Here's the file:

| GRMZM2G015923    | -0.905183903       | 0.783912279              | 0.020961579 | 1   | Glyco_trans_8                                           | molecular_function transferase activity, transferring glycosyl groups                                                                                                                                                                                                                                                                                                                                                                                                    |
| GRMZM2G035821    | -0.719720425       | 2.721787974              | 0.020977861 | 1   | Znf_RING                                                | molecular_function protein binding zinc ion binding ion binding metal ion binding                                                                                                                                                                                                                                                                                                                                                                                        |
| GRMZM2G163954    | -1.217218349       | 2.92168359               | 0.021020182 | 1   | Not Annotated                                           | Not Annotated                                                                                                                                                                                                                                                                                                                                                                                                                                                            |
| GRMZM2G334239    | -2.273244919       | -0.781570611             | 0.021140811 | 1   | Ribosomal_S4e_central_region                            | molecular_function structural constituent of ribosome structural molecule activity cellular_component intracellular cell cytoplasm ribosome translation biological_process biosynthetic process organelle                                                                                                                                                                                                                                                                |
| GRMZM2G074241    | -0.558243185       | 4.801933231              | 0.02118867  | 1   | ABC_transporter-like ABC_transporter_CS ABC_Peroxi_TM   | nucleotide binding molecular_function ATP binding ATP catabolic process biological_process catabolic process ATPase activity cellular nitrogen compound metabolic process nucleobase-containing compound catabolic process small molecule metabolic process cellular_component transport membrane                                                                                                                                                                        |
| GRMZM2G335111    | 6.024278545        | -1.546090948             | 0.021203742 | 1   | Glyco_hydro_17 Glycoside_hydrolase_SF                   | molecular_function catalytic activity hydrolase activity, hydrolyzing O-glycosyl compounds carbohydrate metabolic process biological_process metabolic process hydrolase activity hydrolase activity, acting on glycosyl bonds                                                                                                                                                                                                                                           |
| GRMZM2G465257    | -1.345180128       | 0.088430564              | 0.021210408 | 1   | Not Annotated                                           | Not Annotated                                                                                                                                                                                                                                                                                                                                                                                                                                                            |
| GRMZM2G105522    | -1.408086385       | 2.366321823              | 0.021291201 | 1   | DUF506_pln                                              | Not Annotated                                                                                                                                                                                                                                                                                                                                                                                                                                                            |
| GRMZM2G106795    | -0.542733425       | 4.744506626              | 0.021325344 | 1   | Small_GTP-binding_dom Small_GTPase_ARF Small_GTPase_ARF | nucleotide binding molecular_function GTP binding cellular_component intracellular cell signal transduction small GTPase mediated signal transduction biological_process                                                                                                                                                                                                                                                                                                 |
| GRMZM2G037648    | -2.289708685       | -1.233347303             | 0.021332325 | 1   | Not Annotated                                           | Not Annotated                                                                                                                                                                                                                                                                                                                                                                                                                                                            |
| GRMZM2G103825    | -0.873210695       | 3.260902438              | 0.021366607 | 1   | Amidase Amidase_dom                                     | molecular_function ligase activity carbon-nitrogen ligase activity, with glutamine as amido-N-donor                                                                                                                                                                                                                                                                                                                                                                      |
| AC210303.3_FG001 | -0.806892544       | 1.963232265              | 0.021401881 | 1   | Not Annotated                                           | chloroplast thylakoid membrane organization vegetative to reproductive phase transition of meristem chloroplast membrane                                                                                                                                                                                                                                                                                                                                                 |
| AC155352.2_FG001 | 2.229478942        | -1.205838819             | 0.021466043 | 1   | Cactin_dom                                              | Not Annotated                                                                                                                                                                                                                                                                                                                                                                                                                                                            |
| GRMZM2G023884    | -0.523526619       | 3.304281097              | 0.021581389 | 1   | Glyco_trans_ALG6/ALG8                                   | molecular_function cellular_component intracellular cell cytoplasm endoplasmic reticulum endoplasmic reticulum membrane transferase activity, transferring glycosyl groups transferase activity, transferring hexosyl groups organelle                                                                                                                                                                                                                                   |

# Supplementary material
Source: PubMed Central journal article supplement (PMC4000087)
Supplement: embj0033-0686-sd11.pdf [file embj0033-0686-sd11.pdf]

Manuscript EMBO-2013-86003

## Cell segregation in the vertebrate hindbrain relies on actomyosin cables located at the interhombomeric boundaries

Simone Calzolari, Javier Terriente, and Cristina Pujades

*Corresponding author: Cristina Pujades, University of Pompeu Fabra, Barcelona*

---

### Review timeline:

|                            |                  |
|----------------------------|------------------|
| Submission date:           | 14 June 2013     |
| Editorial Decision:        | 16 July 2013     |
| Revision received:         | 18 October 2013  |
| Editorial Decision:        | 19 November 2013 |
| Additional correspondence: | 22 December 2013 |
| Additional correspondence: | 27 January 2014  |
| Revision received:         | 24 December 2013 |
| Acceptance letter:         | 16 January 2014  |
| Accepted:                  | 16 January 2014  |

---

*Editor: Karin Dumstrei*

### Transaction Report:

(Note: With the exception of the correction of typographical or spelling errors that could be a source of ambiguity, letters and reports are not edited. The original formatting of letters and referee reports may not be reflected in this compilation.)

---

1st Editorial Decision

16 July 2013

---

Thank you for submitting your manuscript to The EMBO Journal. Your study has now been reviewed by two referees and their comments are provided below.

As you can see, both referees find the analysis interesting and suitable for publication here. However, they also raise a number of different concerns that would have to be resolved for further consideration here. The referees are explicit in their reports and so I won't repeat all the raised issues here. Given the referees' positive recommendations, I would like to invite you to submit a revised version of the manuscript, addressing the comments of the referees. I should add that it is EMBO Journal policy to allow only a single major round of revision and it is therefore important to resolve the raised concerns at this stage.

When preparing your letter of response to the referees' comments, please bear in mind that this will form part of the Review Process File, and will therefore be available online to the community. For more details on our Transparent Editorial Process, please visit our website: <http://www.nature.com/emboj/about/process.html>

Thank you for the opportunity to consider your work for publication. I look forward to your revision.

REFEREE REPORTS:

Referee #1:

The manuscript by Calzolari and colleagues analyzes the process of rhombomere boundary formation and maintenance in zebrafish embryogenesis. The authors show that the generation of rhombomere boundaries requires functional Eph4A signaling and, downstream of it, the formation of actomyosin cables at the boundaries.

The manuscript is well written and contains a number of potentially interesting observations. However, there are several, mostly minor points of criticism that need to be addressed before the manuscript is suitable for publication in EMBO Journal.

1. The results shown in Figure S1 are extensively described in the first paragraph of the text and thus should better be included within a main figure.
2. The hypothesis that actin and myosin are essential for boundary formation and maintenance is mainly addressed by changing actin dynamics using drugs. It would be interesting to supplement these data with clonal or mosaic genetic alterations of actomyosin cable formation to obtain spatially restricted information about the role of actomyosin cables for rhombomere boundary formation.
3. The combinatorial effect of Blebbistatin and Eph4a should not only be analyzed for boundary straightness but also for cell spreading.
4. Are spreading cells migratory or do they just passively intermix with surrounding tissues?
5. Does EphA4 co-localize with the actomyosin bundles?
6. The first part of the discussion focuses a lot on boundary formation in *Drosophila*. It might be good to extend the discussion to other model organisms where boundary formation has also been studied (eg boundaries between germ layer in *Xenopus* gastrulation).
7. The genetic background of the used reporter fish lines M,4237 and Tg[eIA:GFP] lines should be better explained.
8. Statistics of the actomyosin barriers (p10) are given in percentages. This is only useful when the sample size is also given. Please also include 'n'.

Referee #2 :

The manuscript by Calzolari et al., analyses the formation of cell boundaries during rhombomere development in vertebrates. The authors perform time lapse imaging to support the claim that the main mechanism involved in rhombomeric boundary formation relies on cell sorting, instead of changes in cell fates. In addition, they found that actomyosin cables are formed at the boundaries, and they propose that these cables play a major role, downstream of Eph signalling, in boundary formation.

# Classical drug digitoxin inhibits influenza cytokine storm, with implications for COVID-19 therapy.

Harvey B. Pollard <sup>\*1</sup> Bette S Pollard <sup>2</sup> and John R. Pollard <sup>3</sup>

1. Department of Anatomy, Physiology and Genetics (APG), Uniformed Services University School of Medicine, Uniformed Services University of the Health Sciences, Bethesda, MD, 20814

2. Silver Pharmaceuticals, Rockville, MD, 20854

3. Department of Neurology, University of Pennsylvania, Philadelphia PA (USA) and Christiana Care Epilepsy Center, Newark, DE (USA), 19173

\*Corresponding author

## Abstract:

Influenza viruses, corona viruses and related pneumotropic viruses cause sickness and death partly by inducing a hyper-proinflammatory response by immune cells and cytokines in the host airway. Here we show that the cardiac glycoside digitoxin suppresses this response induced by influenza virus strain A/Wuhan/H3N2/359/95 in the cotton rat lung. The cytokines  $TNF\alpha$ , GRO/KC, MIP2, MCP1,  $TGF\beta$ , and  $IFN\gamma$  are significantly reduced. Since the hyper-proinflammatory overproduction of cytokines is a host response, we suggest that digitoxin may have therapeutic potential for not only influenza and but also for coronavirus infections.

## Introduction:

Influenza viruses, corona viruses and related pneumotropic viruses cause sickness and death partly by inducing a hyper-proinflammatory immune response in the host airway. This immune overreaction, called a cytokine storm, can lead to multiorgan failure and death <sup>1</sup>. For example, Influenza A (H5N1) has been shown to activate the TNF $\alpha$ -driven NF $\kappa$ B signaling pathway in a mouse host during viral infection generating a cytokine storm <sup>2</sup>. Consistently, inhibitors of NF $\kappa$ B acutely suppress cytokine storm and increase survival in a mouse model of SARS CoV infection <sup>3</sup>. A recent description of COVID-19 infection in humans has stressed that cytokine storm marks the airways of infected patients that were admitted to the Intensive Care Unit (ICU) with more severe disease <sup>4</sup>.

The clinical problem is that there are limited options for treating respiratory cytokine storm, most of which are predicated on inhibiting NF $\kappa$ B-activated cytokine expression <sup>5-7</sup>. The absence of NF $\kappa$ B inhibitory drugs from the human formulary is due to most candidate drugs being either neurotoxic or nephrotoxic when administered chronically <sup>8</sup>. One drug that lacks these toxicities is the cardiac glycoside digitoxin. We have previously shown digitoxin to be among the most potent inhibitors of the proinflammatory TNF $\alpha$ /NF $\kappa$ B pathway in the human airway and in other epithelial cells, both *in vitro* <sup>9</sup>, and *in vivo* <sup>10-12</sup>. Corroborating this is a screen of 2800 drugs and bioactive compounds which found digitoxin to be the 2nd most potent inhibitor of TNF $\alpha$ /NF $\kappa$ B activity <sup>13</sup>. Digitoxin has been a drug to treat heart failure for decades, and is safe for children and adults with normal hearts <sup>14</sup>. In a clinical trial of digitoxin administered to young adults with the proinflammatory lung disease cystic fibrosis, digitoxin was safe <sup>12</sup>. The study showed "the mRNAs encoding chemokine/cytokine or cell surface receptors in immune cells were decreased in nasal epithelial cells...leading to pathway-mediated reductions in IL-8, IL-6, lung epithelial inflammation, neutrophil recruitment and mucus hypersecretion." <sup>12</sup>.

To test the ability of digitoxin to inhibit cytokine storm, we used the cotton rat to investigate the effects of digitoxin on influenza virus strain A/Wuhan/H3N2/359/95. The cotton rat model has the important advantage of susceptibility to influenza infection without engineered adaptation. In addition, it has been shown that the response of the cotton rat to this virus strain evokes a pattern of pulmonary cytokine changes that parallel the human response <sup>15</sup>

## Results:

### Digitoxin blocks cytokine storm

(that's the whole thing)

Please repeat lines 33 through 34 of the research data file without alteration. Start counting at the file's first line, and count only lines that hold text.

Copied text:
| Acceptance letter:         | 16 January 2014  |
| Accepted:                  | 16 January 2014  |